LOOKING BACK… By Girija Madhavan
Piquant or embarrassing moments adhere to the memory like fluff on old woollens. I recall some nuggets from life in the Indian Foreign Service. A battered Rangoon diary for 26 January 1960 read: “RAIN at the Republic Day Garden Party today!”
Rangoon in Burma [now Yangon in Myanmar] was our first post. I had gone there immediately after Madhavan and I got married, celebrating my 21st birthday in Rangoon. We were the youngest of the diplomatic staff. For the garden party, I had chosen a “Crinkled Georgette” saree [embroidered with sequins] from a Mysore shop, said to be the “latest style” and dressed it proudly.
January is Myanmar’s dry season. But that day the skies suddenly opened up in a deluge. The guests began fleeing to their cars. Madhavan, snatched a tray from a passing waiter, holding it over their heads to protect them from the downpour. I tried covering my head with my pallu, but found it had become a narrow strip. The saree pleats too were shrinking in uneven lengths between ankle and knee while the cotton petticoat alone held its ground. My stylish saree had ended up as a shrivelled and shrunken one.
The rain was attributed to the anger of a Nat [tree dwelling spirits revered by Burmese people] because the embassy gardener had axed his favourite one. The Ambassador’s daughter, Rita [fresh from Geneva, sporting a beehive hairstyle and the latest fashions in clothes] propitiated the Nat with offerings of coconuts and bananas, a new sapling was planted. It did not rain again in the Residence on Republic Day.
Berne, Switzerland, was next, my first time in Europe. Opposite our apartment was a twin signpost reading “Thun-Luzern” where the highway forked to go to these two lake towns. Our Ambassador’s son-in-law visited us. “See,” he boasted,“I have just come to Switzerland and already I understand German! Thun/Luzern means Turn Left”. I could not control a giggle, earning a hard stare and a muttered remark about ill-mannered young wives.
In some countries, the Vatican has its own Embassy called the “Papal Nunciate”. Monsignor Carlomagnio was the Papal Nuncio in Berne. A handsome, elderly man, he was imposing in his crimson, purple and gold robes. He was the Doyen of the Diplomatic Corps in Berne. Our Embassy in Berne was accredited to the Holy See in addition to the Indian Embassy in Rome. Pope Paul travelled to Bombay, India, for the Ecumenical Council in 1964. Monsignor suggested Madhavan should go to Rome to see him off and receive him back in Rome. In the photograph with Pope Paul, the elegant lady in the saree is First Secretary N.N. Haralu, then posted to the Indian Embassy, Rome. She was the first IFS woman officer from Nagaland. After serving in many prestigious posts, she became Ambassador to Panama. She passed away at the age of 98 in 2016 in her home in Nagaland.
Monsignor Carlomagnio was planning his annual dinner for the Diplomatic Corps. He chose Madhavan to help him with the seating protocols and choice of wine. Madhavan, in turn suggested an Australian diplomat who knew more about wine.
“Of these two glasses, this one is fruitier with a strong bouquet while the other is milder but has a spicy after-taste”, pronounced the Australian. Monsignor cut him short, “Both these glasses have been filled from the same bottle.” Thereafter, the Monsignor concentrated on Madhavan, calling him early mornings, until one morning, a sleepy Madhavan exclaimed, “Oh, Monsignor Carlomagnio! Good Mornio, Good Mornio!” A miffed silence followed. The early calls were curtailed too. But the dinner was a success.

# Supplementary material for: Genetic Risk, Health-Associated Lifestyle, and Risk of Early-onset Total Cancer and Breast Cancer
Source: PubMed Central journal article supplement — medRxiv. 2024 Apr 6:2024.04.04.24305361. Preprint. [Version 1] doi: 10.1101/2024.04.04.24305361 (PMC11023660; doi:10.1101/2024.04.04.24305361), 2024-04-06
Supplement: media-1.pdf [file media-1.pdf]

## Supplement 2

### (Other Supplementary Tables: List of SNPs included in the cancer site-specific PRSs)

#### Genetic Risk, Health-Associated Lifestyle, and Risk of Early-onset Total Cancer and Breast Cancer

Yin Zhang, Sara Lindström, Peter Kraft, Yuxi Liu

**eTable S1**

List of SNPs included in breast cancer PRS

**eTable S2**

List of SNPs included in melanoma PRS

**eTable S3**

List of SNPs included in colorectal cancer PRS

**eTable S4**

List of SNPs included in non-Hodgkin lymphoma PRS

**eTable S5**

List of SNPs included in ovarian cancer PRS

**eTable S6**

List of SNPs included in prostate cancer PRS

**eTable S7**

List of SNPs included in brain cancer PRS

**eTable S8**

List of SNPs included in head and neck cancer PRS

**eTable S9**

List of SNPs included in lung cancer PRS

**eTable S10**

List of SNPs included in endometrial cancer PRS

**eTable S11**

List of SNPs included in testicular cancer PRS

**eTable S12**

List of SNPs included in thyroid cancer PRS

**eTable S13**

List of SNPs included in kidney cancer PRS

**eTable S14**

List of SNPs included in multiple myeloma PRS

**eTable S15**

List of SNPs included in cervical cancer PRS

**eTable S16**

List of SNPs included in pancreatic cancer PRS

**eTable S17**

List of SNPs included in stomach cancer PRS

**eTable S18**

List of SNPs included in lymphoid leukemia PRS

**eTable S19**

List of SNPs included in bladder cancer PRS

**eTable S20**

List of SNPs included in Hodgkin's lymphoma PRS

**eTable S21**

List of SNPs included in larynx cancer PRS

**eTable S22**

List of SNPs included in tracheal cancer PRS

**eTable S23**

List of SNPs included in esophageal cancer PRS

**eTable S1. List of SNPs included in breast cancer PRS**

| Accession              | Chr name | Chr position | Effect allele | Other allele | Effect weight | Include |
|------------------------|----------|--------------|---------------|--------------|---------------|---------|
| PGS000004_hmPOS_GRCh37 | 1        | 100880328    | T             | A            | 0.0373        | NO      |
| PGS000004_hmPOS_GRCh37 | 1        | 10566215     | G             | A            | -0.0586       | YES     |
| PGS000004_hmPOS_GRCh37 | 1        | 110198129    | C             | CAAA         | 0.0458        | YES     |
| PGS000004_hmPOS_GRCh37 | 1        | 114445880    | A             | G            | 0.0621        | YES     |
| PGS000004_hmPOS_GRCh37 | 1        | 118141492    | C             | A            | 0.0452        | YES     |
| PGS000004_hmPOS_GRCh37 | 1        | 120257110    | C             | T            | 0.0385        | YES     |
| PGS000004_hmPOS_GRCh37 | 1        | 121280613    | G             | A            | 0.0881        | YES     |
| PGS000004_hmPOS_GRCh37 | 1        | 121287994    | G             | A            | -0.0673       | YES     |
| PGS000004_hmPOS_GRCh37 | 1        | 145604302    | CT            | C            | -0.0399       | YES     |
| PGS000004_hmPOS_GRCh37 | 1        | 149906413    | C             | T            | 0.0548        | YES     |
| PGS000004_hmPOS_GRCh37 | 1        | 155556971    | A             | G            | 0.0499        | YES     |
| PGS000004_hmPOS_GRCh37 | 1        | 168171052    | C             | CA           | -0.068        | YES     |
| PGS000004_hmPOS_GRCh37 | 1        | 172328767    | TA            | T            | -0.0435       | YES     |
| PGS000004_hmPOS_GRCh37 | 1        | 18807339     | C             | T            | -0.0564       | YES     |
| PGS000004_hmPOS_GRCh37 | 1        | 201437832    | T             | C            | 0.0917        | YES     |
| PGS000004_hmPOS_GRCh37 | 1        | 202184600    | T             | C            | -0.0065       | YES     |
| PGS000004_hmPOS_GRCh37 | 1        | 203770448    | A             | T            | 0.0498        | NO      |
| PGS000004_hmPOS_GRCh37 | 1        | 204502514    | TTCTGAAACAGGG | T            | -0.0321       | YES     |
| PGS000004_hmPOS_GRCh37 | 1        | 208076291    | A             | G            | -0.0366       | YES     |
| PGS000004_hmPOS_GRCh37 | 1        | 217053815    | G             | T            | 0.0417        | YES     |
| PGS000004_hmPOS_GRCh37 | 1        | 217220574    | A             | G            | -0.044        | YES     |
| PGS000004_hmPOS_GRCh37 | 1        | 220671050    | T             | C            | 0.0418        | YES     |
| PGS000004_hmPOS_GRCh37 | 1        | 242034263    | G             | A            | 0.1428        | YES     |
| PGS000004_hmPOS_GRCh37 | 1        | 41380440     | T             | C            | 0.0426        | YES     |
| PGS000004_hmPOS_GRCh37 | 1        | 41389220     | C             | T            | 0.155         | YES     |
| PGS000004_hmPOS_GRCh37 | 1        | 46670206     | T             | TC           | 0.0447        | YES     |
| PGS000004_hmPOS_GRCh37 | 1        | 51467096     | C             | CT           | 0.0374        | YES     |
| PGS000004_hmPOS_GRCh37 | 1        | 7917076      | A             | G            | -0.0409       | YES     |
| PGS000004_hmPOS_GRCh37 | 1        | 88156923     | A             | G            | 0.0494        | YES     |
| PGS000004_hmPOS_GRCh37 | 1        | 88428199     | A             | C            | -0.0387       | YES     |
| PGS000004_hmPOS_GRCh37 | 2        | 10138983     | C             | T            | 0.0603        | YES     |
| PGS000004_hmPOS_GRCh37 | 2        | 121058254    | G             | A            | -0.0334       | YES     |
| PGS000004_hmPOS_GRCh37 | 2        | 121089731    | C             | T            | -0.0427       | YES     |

Back home in New Delhi, I was seated, all ears, at a dinner between a senior Indian diplomat connected to the Nehru family and the brilliant orator, Clovis Maksoud, Ambassador of the Arab League. Maksoud was born in Oklahoma, USA, and grew up in Lebanon. He was a brilliant orator. The Indian diplomat was eloquent. “We are from different countries and cultures. Yet we get along so well. I wonder what binds us together?”
“Yes indeed,” answered Clovis Maksoud. “What is it that binds us together but MUTUAL HYPOCRISY!”
In Peking during the Cultural Revolution, a British diplomat, was seated by the hostess, the French Ambassador’s wife. A Chinese waiter, bending to serve him, instead fetched him a blow to his head with the tray. “Madame,” exclaimed the diplomat, “I was very struck by your entrée. In fact, I was almost struck unconscious by it!”
We were posted to London and had to go house hunting. We found a charming house with a lawn bounded by flowering pear trees. I loved it and the rental suited our allowance too. Seniors advised us not to take it because our address would then read “No. 7, Dog’s Lane, Neasdon…”
So we lived instead in Pymer’s Mead, Dulwich. I usually walked down to a grocer in nearby Herne Hill, wearing an anorak with a hood, pants and bootsagainst the London cold. After a party, however, I went in a saree with a very large “Bindi” on my forehead. The grocer stared at my face and said, “You gave me ever such a fright, love! I thought someone had put a bullet through your forehead.”
Many personages from India visited London. An apocryphal story was of an Indian politician, a strict vegetarian. A simple man, he opted for just a bowl of assorted nuts that he could nibble on through the meal. He was said to have been seated next to Prime Minister Margaret Thatcher. Sherry was served with the soup, other wines followed. Mrs. Thatcher absent-mindedly kept helping herself to the nuts with the wines until the bowl was empty.
Every post gave me some incidents to smile at or to gloss over with embarrassment. I am hoping that readers will smile too.
[To be continued]